Australia - Video Streaming, Broadcasting and Pay TV

Australia - Video Streaming, Broadcasting and Pay TV

Code: BC2016-87 | Published: Jun-2016 | Pages: 101 | Budde Communication Pty Ltd
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Pay TV market under increasing threat from Video Streaming marketBroadcasting and Pay TV
The digital TV and video streaming industry has changed beyond recognition and it continues to evolve in 2016. Consumer habits are shifting from broadcast TV to on-demand content - especially streaming. Traditional TV viewing is increasingly facing competition from other viewing platforms such as smart phones, tablets, and Smart TVs.
Choice is the key. Broadcasters are no longer in charge of the global viewing habits of consumers, who have the choice of, and the ability to access, an enormous amount of movie and TV series content through internet broadband. Pay TV across the various platforms - including cable TV, IPTV, and satellite TV - continues to rise in popularity, and this trend is reflected in the markets increasing service revenues. IPTV is the fastest-growing pay TV platform from a global perspective.
Within the Australian market, although there has been steady growth in subscription TV services into 2016, in coming years customer viewing on the platform will have been greatly changed following the launch of services by OTT providers such as Presto, Stan and Netflix as well as SVoD options being marketed by FTA broadcasters.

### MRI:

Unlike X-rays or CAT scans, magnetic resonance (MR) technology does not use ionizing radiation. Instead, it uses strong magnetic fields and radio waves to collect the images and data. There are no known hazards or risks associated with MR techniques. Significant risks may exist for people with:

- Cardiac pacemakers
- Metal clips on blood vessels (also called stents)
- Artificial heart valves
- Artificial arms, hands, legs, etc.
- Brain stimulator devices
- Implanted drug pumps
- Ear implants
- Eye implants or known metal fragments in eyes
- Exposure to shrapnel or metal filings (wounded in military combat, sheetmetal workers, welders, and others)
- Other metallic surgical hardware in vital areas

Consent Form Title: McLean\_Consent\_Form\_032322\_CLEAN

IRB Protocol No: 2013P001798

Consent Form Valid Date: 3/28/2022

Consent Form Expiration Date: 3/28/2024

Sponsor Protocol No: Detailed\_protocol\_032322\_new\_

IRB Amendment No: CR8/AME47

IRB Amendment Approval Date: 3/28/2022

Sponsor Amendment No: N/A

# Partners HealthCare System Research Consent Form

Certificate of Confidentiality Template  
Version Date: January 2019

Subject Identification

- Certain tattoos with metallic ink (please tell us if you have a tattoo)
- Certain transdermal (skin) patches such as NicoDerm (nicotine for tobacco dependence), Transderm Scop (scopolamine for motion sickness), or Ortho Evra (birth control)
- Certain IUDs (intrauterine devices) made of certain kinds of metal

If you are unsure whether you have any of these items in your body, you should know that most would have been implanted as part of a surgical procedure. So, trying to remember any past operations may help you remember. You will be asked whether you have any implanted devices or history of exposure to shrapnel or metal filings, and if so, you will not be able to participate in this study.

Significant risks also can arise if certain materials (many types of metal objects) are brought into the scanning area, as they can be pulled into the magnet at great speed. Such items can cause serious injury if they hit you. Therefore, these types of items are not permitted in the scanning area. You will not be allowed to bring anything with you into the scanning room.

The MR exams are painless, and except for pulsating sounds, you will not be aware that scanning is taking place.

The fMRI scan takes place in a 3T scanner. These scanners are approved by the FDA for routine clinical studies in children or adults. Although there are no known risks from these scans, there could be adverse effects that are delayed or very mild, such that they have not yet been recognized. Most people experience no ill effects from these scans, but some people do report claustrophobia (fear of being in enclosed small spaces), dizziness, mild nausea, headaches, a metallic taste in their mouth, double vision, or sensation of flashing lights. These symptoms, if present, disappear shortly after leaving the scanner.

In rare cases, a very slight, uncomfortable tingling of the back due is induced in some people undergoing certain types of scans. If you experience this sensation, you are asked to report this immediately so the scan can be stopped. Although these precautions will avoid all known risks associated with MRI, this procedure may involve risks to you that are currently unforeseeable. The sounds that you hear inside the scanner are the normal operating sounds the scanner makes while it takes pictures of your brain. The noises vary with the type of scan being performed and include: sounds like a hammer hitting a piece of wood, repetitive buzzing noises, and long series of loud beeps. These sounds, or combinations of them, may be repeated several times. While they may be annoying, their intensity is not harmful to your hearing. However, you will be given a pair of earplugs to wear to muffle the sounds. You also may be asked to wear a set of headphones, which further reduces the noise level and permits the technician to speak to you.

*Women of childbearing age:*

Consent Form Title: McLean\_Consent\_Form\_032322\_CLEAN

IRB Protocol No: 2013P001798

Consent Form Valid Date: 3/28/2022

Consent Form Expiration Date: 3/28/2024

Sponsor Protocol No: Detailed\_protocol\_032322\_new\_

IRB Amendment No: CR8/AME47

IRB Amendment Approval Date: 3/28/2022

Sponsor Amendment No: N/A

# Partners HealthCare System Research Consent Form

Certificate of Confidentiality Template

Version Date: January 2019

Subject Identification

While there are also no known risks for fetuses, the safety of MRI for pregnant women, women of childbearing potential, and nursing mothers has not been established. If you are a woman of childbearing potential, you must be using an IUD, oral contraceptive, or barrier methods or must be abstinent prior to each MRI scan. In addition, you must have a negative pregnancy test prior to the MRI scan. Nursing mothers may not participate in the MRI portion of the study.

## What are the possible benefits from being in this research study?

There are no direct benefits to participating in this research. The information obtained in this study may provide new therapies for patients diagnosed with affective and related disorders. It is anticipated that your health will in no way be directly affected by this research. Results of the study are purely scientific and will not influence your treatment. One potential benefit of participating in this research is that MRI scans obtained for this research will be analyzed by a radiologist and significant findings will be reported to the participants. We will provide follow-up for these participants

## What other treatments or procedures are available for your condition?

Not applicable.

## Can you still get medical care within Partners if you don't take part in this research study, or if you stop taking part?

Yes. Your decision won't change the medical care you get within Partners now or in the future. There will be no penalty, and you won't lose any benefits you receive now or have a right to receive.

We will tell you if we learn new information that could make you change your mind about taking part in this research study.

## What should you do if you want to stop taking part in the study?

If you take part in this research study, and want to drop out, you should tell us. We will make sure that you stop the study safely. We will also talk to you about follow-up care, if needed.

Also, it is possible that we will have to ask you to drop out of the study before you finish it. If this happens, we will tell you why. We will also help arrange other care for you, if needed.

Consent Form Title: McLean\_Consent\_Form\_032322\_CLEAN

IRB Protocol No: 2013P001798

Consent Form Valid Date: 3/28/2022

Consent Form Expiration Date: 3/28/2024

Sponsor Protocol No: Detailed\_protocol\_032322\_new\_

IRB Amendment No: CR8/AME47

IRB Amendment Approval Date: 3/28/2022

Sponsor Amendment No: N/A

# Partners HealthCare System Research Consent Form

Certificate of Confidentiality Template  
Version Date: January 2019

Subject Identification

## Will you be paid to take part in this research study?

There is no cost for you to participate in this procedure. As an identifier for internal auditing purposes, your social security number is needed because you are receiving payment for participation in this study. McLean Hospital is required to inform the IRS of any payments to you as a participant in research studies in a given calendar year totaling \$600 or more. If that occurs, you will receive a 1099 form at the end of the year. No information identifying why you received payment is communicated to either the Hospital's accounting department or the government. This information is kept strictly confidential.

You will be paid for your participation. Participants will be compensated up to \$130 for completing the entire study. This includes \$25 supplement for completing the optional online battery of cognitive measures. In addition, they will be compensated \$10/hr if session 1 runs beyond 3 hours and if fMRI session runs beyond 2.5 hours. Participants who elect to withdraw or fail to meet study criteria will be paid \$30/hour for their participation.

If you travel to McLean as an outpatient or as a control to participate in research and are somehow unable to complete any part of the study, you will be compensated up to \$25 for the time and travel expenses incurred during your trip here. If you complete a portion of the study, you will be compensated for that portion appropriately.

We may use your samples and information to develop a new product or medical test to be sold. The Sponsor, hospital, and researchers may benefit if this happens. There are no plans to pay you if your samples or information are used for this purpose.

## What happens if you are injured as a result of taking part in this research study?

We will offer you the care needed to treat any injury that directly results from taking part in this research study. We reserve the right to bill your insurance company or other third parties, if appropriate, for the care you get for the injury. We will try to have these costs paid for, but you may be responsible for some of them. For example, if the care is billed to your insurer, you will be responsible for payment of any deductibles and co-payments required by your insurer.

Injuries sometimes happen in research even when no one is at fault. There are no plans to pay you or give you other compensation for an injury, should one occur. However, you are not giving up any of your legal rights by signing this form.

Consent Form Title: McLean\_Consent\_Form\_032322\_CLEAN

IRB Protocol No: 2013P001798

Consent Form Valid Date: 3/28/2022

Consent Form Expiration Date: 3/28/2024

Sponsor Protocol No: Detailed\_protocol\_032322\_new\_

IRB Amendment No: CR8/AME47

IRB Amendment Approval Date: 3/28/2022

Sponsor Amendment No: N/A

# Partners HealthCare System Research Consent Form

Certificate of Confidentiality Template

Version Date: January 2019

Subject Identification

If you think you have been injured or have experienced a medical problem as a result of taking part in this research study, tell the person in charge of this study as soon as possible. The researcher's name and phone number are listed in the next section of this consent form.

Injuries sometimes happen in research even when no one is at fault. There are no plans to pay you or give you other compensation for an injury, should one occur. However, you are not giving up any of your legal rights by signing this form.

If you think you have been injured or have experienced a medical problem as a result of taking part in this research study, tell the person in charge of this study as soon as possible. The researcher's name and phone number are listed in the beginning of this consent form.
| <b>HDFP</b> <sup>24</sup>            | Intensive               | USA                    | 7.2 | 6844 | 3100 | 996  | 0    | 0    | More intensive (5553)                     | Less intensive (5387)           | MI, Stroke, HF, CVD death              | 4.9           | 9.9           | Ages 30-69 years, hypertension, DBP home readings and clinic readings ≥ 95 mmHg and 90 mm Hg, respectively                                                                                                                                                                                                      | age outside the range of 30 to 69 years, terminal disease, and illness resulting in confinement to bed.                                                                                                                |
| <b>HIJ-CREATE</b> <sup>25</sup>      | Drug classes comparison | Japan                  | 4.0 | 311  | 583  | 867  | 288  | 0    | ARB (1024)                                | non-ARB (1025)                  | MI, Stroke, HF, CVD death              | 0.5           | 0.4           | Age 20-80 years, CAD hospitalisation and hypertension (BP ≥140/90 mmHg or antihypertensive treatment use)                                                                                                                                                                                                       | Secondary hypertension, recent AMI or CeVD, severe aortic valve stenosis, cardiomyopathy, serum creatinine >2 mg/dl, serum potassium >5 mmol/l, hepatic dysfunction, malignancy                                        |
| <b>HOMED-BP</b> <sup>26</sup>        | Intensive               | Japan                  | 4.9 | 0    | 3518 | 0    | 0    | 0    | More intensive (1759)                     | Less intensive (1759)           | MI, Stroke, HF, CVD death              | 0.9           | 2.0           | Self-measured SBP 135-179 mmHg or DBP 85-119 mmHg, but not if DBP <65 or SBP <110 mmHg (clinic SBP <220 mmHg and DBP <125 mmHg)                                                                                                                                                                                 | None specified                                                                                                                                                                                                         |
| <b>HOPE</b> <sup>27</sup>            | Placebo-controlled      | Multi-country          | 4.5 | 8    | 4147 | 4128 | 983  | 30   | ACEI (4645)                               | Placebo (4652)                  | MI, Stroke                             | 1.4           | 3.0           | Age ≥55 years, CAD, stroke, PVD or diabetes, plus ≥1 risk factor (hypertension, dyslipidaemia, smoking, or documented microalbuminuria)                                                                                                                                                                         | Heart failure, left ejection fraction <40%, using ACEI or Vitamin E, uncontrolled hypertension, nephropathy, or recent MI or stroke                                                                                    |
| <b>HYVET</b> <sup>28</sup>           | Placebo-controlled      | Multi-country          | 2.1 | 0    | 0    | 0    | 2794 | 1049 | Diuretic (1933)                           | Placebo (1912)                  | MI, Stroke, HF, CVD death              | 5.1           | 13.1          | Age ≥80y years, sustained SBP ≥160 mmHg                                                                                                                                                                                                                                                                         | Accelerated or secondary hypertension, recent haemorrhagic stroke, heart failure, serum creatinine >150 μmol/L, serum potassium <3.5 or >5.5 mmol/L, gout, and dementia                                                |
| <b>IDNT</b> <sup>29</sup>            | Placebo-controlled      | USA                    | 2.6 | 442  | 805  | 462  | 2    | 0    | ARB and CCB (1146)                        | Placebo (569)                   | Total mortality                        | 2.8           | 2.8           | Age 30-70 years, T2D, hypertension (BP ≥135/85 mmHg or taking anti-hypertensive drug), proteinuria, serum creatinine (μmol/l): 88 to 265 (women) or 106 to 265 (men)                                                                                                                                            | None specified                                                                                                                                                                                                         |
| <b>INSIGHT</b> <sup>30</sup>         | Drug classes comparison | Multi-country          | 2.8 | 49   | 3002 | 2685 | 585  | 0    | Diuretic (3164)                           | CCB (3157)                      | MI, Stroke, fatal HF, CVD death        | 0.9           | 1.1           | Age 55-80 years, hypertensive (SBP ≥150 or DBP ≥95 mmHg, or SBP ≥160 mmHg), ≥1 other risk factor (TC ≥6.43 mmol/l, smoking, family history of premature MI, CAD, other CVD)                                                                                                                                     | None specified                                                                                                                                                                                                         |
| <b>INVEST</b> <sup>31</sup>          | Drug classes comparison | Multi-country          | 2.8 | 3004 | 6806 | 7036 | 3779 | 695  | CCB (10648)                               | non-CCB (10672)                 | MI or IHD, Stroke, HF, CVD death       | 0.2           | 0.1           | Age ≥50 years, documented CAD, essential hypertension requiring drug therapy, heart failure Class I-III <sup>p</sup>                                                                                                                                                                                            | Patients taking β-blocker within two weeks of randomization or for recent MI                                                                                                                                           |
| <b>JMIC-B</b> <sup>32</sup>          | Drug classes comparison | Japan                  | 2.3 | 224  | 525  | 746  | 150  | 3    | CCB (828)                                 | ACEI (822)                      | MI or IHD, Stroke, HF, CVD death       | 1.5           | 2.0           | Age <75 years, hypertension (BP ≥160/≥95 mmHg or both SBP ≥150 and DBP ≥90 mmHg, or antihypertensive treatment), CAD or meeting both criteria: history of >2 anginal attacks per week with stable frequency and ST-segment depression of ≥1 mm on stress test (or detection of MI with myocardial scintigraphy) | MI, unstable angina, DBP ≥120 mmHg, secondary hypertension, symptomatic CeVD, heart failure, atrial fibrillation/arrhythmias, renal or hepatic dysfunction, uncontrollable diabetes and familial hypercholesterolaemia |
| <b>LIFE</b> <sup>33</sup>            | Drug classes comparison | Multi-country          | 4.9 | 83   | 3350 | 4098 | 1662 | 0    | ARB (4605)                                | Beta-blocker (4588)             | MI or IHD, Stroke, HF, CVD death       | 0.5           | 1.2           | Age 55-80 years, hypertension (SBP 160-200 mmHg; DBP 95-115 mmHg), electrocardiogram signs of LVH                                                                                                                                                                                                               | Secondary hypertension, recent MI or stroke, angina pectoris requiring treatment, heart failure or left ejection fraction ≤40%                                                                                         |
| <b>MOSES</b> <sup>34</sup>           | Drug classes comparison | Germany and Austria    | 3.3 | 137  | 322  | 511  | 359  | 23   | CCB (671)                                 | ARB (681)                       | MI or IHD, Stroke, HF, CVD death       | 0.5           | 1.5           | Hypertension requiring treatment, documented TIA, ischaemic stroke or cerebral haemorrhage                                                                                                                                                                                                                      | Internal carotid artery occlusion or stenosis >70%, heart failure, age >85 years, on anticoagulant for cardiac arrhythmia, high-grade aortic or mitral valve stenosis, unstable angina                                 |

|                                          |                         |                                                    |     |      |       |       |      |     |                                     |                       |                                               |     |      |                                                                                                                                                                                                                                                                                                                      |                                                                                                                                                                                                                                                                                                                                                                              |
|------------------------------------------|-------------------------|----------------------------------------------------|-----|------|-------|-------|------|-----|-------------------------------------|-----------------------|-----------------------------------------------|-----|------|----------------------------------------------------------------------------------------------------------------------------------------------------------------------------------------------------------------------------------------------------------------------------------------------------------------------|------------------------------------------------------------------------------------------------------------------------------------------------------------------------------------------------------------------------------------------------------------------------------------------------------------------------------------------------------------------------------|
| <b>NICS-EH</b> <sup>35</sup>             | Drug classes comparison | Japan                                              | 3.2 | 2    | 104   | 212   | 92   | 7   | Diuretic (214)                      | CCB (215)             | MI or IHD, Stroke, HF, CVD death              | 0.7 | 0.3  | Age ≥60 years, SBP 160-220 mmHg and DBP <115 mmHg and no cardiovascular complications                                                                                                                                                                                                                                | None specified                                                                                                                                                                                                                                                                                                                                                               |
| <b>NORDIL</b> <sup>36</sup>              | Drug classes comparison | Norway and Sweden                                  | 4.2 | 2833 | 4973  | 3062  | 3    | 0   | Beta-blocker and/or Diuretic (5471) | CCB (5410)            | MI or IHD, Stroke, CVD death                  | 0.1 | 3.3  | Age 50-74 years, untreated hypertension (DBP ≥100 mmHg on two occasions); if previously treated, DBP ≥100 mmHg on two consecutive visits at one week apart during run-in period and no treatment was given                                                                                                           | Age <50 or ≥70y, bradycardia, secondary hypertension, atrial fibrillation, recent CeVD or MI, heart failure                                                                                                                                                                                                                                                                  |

Although FOXTEL has seen steady revenue growth during the last few years the company has struggled to increase pay TV penetration in Australia. These offer competitively priced basic packages, commonly below A$10 per month, play to consumers desire to view content at a time of their choosing. Although linear TV in early 2015 was still adopted by about 88percent of Australian households, the figure is falling gradually, and the advent of OTT viewing as well as IPTV offers from Telstra and other major ISPs will see a more rapid shift from liner to time-shifted TV in coming years.
The FTA broadcasters as well as marketers and advertisers who need a return on investments are watching the available content options. The distribution advantage held by FOXTEL is slipping away as the NBN becomes built out over a greater number of premises, so expanding the reach of capable broadband infrastructure which enables subscribers to access OTT and IPTV content